Over the years the Northern Dimension has proved useful for advancing regional cooperation in Northern Europe. Practical cooperation under the Northern Dimension has provided concrete results. This cooperation also has broader value. This kind of dialogue aiming at finding solutions to common challenges also contributes to the security, stability and sustainable development in Northern Europe. It is clearly in the interest of us all to ensure that this region remains a zone of constructive cooperation and continuous dialogue.
Today we will hear about the significant results provided by the Northern Dimension Environmental Partnership in nuclear waste management, wastewater and energy efficiency projects. The construction of the wastewater treatment plants in St. Petersburg, Kaliningrad and Brest is a concrete outcome of the Northern Dimension policy. These projects have led to noticeable improvements in the water quality and greatly benefitted the Baltic Sea. The key to this success has been cooperation and commitment to work together for the benefit of us all.
In the years to come, it is important to develop the Northern Dimension as a platform for constructive dialogue. It is a useful regional tool to address key global challenges such as climate change, connectivity and health threats. People-to-people contacts are also important and cooperation in culture under the Northern Dimension can make a valuable contribution.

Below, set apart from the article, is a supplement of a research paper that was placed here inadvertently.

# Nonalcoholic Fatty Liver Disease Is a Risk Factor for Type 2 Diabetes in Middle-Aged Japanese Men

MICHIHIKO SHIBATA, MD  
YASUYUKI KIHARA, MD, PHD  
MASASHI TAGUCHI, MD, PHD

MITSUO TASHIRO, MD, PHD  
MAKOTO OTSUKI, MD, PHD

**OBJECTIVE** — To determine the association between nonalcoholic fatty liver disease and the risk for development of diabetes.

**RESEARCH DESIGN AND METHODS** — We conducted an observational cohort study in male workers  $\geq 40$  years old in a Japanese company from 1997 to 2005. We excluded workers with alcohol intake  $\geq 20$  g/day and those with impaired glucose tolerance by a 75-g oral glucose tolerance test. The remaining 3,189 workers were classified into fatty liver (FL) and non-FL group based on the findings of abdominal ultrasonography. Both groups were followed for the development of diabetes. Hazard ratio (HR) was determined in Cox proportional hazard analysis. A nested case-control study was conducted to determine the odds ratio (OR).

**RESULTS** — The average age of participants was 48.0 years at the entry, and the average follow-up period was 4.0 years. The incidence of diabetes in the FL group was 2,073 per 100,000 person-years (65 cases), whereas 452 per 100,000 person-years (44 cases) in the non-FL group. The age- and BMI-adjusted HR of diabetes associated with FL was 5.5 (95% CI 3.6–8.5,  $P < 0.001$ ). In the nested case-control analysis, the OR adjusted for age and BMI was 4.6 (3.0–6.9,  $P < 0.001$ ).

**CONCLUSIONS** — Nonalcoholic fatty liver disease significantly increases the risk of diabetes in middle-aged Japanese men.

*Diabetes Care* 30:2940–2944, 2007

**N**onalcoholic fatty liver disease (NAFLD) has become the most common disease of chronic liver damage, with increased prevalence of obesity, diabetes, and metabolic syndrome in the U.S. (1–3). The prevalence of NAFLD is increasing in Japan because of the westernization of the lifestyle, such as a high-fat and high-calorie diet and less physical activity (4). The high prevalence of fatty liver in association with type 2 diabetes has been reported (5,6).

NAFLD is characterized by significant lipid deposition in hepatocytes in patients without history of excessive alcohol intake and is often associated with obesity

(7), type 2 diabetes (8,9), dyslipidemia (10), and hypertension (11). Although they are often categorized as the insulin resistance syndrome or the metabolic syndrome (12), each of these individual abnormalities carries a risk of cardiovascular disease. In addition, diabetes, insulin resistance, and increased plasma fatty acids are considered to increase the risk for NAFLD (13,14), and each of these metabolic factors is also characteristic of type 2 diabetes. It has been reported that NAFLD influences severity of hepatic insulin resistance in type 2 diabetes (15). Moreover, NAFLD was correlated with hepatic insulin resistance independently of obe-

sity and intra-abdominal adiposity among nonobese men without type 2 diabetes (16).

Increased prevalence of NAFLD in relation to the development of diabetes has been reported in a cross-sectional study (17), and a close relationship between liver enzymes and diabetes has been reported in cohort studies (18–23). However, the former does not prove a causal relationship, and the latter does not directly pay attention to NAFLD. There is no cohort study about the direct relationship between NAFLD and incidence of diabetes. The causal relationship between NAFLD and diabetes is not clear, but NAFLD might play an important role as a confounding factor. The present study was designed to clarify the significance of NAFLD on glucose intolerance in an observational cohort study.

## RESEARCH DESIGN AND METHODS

Finland remains committed to supporting this work. The Northern Dimension needs not only the partners’ political support, but also financial resources necessary for practical-level cooperation.
Ladies and Gentlemen,
Regional cooperation in the North is much in focus in the Finnish Government’s program. Our aim is to develop Arctic cooperation, bolster Nordic cohesion and Baltic Sea Region cooperation.
The environmental state of the Baltic Sea is a concern. National policies are not enough. Cooperation is very important to protect the Baltic Sea Region – as well as an example for oceans worldwide.
The EU Strategy for the Baltic Sea Region celebrated its tenth year anniversary this October. I would like to take this opportunity to stress the important role that cooperation under the Strategy has had for the region. I would like to welcome you to the Annual Forum of the Strategy held in Turku, Finland from 16th to 17th of June 2020.
I hope that this conference will make everybody’s commitment to cooperation stronger. Let us focus more on opportunities than problems. Instead of seeing problems let us have a positive approach and look for solutions and opportunities.
We all have the same goal: striving for better prospects for future generations.